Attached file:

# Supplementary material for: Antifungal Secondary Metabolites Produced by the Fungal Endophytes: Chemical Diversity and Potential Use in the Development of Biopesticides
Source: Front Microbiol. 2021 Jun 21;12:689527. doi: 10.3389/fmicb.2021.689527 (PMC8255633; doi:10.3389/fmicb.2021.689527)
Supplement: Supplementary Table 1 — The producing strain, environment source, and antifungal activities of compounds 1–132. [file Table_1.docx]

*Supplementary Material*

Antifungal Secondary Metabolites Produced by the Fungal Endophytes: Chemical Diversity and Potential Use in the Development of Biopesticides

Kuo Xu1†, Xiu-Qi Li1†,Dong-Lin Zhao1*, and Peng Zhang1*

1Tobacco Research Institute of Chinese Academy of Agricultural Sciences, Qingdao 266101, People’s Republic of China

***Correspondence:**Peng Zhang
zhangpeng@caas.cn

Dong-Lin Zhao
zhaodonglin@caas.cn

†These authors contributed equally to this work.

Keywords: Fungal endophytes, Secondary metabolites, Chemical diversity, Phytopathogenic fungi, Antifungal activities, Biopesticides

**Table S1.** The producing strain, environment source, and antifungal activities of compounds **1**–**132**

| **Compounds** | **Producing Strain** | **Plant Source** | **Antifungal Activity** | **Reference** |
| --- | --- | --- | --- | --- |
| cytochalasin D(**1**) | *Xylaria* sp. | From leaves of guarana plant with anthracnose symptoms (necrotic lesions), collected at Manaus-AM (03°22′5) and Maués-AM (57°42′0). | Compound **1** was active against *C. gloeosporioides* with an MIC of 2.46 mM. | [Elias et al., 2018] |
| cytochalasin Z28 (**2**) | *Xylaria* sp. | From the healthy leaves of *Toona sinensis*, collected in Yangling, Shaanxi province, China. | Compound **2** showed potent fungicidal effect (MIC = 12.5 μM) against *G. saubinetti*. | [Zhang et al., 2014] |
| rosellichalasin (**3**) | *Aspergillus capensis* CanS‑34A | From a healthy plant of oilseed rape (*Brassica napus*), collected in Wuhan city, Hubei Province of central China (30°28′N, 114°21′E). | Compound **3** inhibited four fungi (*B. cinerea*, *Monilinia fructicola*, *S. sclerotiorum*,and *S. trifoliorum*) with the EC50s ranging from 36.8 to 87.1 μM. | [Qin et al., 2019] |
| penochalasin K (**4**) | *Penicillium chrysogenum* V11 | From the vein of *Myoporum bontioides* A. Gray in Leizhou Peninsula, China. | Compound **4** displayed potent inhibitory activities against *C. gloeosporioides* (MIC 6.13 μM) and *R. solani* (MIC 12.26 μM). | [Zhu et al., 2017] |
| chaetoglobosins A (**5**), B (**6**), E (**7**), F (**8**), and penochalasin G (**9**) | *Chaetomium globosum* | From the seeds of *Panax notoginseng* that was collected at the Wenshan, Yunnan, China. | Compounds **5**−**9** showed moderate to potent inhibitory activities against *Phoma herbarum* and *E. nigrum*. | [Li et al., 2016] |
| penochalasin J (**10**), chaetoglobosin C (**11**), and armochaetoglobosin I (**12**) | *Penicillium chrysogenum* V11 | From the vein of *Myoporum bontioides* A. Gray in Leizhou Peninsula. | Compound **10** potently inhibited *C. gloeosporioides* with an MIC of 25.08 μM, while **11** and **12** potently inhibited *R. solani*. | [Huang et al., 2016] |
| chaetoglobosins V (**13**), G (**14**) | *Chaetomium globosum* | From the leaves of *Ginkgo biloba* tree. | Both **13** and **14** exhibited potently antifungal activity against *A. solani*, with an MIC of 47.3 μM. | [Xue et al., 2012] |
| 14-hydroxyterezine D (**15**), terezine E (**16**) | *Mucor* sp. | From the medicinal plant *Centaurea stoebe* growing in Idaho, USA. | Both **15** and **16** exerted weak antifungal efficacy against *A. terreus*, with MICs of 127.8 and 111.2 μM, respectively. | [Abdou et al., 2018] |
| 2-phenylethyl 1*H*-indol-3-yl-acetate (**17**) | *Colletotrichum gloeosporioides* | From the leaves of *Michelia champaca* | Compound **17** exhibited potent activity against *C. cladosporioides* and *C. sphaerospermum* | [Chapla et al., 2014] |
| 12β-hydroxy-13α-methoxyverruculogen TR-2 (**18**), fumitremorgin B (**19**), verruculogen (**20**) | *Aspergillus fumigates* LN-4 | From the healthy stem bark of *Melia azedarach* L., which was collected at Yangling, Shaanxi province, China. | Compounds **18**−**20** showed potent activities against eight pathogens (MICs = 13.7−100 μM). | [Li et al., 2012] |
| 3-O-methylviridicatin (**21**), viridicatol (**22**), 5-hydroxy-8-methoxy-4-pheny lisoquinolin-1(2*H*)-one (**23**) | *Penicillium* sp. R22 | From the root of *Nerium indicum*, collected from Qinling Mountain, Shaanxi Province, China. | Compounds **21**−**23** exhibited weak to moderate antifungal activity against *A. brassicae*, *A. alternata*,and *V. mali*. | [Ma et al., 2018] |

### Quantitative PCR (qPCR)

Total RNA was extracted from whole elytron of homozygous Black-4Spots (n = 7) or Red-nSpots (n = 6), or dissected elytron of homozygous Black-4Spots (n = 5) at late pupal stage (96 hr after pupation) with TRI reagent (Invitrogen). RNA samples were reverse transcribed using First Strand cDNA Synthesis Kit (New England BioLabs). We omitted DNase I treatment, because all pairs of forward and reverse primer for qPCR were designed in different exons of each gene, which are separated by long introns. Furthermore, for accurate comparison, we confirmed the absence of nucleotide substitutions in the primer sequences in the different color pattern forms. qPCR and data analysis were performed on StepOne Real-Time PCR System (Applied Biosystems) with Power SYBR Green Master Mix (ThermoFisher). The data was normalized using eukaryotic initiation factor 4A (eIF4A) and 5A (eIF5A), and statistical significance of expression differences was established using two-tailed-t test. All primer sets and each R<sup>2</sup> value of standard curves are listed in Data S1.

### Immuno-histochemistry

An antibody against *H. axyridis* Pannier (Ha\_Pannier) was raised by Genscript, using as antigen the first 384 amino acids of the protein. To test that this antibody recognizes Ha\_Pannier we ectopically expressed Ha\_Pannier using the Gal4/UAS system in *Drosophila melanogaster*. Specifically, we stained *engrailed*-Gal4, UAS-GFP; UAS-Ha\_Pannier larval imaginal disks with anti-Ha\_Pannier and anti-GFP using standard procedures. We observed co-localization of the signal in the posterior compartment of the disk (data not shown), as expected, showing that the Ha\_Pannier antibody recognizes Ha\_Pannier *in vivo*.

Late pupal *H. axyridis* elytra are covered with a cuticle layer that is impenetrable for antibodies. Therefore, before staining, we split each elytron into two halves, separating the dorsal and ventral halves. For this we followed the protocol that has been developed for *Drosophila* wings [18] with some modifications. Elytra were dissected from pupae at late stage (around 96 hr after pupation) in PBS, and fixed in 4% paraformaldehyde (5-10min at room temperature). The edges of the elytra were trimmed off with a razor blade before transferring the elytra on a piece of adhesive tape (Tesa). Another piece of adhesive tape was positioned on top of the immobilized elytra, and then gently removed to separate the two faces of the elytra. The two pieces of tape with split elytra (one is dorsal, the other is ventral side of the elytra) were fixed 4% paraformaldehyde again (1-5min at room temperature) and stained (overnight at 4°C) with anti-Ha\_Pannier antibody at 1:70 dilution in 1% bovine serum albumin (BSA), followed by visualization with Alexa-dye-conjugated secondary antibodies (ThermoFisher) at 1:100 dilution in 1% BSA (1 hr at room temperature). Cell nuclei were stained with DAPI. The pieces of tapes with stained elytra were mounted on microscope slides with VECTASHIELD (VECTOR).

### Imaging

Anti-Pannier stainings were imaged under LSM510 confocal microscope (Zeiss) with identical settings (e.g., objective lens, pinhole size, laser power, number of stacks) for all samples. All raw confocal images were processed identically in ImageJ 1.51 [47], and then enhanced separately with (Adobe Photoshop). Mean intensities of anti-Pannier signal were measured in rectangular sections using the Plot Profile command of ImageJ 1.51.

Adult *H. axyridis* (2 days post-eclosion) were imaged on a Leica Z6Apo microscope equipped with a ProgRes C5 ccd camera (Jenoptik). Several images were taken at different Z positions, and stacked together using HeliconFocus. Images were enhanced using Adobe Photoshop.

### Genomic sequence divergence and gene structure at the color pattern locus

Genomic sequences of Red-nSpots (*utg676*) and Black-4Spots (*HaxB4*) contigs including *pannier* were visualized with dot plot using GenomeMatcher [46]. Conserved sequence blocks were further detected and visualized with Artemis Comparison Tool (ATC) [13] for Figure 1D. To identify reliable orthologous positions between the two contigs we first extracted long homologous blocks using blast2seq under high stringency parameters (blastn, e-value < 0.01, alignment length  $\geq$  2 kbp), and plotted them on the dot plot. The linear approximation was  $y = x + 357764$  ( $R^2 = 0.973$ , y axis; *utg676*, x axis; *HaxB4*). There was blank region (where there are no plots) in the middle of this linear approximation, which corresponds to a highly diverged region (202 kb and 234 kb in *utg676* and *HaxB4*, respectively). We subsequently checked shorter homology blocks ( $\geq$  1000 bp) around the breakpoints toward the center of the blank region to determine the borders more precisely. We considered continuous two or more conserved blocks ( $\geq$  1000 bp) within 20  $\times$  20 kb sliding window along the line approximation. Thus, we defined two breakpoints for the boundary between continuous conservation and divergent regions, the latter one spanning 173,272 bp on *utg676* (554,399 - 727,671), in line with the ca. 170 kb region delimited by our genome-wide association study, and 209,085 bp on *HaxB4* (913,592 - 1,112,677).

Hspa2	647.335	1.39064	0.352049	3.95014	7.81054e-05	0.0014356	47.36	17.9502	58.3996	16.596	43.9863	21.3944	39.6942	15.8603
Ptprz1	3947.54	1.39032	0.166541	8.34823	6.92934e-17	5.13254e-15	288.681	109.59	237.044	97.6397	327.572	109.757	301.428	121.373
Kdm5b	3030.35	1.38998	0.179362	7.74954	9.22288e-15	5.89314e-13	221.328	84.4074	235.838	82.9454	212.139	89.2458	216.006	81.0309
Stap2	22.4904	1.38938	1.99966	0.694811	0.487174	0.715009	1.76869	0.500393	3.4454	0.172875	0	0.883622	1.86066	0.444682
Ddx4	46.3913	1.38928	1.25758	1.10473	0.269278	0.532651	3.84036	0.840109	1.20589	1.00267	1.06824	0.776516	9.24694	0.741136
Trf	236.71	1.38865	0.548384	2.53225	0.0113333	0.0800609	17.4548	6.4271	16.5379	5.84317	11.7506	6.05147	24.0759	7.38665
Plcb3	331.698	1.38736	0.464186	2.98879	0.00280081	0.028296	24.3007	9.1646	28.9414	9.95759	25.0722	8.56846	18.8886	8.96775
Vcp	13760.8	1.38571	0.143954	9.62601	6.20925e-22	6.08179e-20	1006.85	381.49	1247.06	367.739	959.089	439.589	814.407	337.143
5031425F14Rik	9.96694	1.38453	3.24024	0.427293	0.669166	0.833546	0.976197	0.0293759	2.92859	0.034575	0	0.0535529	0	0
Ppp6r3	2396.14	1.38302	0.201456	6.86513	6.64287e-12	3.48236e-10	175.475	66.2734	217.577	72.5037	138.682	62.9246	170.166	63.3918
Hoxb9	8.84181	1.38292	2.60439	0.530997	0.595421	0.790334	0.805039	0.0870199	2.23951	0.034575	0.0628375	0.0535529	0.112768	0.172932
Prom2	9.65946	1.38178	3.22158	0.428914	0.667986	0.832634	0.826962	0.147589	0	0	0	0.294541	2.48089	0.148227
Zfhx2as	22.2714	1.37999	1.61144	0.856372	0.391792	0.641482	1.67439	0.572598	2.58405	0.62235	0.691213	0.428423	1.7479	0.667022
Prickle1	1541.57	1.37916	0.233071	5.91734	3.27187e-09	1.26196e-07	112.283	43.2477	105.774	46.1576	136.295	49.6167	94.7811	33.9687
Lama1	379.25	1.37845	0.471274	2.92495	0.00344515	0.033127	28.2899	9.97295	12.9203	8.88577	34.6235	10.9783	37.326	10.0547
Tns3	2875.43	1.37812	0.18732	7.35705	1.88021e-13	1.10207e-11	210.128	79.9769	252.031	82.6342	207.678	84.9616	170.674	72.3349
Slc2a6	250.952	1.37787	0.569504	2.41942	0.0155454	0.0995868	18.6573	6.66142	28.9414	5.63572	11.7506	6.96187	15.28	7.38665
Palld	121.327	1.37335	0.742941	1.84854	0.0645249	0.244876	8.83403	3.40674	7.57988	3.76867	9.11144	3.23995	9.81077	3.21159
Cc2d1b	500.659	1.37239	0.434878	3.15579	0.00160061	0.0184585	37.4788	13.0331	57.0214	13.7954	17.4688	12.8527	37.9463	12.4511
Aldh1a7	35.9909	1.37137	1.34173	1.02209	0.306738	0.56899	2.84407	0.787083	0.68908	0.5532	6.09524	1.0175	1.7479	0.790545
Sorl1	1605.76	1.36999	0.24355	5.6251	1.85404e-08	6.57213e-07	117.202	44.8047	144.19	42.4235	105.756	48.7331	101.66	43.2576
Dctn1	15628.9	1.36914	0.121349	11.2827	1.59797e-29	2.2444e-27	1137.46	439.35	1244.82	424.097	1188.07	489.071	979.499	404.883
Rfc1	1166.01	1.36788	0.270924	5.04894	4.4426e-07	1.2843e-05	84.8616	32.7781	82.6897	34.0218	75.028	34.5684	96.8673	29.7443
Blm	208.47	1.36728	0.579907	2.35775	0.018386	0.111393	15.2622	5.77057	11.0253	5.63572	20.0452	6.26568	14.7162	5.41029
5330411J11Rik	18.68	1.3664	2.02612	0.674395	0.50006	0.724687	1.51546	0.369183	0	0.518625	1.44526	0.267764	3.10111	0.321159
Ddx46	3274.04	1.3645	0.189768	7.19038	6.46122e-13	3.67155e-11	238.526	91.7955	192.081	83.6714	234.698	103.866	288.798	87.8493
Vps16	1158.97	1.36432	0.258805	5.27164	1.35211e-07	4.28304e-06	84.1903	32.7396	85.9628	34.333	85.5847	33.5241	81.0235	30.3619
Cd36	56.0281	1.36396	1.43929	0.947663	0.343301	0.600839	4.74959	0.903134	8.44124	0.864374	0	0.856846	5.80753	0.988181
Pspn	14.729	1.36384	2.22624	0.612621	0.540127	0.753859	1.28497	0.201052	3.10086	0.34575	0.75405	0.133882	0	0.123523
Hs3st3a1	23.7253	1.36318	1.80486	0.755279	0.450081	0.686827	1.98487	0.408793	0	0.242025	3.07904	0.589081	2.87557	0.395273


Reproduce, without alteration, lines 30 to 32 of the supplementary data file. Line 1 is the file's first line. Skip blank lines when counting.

### Immuno-histochemistry

An antibody against *H. axyridis* Pannier (Ha\_Pannier) was raised by Genscript, using as antigen the first 384 amino acids of the protein. To test that this antibody recognizes Ha\_Pannier we ectopically expressed Ha\_Pannier using the Gal4/UAS system in *Drosophila melanogaster*. Specifically, we stained *engrailed*-Gal4, UAS-GFP; UAS-Ha\_Pannier larval imaginal disks with anti-Ha\_Pannier and anti-GFP using standard procedures. We observed co-localization of the signal in the posterior compartment of the disk (data not shown), as expected, showing that the Ha\_Pannier antibody recognizes Ha\_Pannier *in vivo*.

Late pupal *H. axyridis* elytra are covered with a cuticle layer that is impenetrable for antibodies. Therefore, before staining, we split each elytron into two halves, separating the dorsal and ventral halves. For this we followed the protocol that has been developed for *Drosophila* wings [18] with some modifications. Elytra were dissected from pupae at late stage (around 96 hr after pupation) in PBS, and fixed in 4% paraformaldehyde (5-10min at room temperature). The edges of the elytra were trimmed off with a razor blade before transferring the elytra on a piece of adhesive tape (Tesa). Another piece of adhesive tape was positioned on top of the immobilized elytra, and then gently removed to separate the two faces of the elytra. The two pieces of tape with split elytra (one is dorsal, the other is ventral side of the elytra) were fixed 4% paraformaldehyde again (1-5min at room temperature) and stained (overnight at 4°C) with anti-Ha\_Pannier antibody at 1:70 dilution in 1% bovine serum albumin (BSA), followed by visualization with Alexa-dye-conjugated secondary antibodies (ThermoFisher) at 1:100 dilution in 1% BSA (1 hr at room temperature). Cell nuclei were stained with DAPI. The pieces of tapes with stained elytra were mounted on microscope slides with VECTASHIELD (VECTOR).